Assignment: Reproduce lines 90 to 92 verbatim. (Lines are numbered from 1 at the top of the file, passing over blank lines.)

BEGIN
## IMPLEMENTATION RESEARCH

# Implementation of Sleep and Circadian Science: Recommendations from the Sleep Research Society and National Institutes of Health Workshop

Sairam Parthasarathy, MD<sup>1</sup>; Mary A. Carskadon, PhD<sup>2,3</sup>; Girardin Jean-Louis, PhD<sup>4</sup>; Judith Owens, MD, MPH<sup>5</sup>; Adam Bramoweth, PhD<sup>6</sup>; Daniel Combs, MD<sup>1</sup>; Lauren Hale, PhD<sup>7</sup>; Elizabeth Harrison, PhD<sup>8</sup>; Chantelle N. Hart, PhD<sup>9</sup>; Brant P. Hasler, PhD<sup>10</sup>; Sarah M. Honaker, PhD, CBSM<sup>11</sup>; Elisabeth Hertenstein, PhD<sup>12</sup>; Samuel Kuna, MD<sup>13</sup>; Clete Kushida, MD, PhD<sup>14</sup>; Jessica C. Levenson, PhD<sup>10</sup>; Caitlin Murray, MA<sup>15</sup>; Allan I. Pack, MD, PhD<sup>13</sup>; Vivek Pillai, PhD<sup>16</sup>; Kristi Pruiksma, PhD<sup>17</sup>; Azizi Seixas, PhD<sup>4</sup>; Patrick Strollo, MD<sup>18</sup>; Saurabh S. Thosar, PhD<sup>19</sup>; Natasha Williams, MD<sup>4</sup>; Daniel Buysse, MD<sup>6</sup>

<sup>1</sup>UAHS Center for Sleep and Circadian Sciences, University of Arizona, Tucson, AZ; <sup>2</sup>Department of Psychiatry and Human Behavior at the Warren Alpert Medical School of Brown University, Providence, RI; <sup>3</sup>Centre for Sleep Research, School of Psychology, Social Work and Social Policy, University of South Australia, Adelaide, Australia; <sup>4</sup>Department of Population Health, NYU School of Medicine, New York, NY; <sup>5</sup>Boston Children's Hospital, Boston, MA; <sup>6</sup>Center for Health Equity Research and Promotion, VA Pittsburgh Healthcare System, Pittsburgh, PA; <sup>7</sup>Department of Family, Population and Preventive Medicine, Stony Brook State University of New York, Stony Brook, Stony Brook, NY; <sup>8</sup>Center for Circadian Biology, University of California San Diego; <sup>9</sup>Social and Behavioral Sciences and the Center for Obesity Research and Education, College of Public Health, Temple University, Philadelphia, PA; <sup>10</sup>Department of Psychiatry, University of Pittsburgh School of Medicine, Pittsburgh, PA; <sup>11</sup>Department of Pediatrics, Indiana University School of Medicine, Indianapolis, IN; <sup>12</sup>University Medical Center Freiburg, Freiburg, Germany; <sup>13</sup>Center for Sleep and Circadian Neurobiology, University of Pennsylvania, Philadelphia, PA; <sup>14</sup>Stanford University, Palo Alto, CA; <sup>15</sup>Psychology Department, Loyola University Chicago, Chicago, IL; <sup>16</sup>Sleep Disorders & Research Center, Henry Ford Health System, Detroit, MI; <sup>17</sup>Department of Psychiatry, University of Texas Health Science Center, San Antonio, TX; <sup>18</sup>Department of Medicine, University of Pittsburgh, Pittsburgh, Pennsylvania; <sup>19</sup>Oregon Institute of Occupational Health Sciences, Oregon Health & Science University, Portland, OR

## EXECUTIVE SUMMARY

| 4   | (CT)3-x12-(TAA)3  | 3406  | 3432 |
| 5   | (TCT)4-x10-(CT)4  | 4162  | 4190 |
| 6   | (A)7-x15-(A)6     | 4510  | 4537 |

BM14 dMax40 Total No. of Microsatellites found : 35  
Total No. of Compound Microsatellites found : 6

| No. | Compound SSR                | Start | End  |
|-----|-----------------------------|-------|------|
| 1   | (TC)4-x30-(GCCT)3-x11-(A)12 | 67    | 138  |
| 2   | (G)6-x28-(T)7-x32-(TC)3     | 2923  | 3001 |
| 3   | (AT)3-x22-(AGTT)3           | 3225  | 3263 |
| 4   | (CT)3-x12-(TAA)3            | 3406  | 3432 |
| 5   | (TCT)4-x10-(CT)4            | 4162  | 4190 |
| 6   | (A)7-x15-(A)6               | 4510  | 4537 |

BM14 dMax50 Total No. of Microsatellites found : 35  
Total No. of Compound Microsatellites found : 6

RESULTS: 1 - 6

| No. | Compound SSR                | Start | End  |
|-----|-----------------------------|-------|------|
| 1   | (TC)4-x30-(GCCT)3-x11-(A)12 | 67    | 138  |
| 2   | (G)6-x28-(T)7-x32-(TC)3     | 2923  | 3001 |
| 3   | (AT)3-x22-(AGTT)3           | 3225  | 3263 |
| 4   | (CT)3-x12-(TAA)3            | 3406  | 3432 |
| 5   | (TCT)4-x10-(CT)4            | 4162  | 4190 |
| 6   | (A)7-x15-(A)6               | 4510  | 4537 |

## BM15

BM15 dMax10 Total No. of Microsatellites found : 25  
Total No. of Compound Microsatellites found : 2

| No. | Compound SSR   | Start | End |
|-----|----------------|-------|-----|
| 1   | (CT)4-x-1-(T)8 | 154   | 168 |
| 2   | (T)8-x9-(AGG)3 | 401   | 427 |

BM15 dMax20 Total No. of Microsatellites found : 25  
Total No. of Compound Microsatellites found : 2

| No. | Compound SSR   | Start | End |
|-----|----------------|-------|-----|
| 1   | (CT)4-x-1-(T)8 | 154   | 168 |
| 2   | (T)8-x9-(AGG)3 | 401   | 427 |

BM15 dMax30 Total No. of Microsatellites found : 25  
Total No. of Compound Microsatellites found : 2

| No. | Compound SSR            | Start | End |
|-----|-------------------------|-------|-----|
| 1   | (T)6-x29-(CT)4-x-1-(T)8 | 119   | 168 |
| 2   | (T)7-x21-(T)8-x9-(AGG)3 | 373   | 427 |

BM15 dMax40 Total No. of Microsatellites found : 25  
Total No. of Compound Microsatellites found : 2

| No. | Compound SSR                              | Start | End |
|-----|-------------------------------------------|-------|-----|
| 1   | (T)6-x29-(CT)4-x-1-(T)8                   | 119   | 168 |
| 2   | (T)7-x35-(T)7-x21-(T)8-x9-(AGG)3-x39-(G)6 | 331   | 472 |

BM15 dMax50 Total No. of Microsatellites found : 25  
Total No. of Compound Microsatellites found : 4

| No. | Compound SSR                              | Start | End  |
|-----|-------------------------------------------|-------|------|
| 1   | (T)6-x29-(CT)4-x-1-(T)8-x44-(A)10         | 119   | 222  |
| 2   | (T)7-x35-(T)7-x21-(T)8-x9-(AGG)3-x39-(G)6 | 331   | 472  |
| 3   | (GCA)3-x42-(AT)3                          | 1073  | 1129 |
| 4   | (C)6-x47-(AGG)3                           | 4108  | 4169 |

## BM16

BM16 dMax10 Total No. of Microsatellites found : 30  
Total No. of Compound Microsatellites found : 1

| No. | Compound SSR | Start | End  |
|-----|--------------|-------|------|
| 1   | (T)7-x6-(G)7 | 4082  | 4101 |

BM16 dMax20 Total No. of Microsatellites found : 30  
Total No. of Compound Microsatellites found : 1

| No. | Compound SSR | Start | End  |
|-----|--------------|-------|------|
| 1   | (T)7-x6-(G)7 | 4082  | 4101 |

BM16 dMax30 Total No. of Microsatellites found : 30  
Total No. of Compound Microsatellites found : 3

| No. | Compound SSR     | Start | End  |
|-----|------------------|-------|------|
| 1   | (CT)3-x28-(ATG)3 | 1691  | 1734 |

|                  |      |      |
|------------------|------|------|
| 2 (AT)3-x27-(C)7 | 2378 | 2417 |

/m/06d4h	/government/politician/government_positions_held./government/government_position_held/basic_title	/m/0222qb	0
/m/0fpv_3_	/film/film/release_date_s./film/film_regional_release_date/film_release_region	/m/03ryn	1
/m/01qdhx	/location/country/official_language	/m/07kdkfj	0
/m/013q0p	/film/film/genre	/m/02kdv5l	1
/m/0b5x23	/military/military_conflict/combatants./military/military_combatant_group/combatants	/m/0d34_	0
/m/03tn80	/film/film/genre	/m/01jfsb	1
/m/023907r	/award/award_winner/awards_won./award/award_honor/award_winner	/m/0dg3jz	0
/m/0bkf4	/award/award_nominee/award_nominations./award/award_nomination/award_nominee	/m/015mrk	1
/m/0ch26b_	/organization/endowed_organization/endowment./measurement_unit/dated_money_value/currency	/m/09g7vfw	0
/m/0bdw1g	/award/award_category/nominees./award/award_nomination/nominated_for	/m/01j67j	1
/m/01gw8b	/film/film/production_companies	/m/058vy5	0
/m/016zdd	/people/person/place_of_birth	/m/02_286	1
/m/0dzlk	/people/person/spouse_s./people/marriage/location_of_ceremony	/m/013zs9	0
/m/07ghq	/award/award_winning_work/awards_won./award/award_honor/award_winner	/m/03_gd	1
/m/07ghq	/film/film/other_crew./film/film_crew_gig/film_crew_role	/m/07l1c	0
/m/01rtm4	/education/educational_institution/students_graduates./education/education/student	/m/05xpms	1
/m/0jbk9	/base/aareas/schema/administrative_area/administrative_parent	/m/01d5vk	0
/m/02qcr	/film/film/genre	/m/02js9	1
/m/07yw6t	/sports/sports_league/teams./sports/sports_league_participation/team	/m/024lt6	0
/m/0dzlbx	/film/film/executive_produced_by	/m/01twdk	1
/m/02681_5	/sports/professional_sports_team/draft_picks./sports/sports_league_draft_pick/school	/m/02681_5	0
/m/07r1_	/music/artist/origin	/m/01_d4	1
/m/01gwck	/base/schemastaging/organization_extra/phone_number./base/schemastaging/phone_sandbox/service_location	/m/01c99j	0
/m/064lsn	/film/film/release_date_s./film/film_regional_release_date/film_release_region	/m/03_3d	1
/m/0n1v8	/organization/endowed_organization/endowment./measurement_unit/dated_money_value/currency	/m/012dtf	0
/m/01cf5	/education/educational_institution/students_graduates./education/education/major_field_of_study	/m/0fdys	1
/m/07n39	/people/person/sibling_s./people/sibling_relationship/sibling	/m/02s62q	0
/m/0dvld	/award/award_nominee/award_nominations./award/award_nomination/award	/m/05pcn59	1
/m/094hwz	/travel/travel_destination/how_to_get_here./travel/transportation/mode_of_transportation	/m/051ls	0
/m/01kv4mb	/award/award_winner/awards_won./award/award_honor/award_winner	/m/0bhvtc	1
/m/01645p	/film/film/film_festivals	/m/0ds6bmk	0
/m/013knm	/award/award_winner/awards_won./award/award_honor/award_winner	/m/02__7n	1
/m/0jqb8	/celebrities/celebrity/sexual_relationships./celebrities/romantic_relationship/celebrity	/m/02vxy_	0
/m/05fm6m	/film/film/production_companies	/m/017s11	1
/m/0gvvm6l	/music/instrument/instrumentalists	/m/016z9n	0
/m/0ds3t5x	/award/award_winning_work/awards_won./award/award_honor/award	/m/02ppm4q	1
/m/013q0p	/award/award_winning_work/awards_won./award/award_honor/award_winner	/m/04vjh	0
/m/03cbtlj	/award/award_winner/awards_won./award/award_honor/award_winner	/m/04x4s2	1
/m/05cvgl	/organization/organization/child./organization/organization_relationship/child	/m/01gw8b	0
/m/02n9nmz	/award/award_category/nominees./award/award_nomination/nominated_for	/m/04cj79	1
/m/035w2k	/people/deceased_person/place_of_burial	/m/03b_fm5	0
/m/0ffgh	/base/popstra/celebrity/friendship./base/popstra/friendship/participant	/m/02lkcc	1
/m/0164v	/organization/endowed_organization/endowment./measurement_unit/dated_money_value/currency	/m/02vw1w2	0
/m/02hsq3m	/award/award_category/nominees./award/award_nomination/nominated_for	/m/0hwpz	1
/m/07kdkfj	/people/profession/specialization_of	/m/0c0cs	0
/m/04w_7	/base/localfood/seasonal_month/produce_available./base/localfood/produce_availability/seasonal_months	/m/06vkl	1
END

/m/0ch26b_	/organization/endowed_organization/endowment./measurement_unit/dated_money_value/currency	/m/09g7vfw	0
/m/0bdw1g	/award/award_category/nominees./award/award_nomination/nominated_for	/m/01j67j	1
/m/01gw8b	/film/film/production_companies	/m/058vy5	0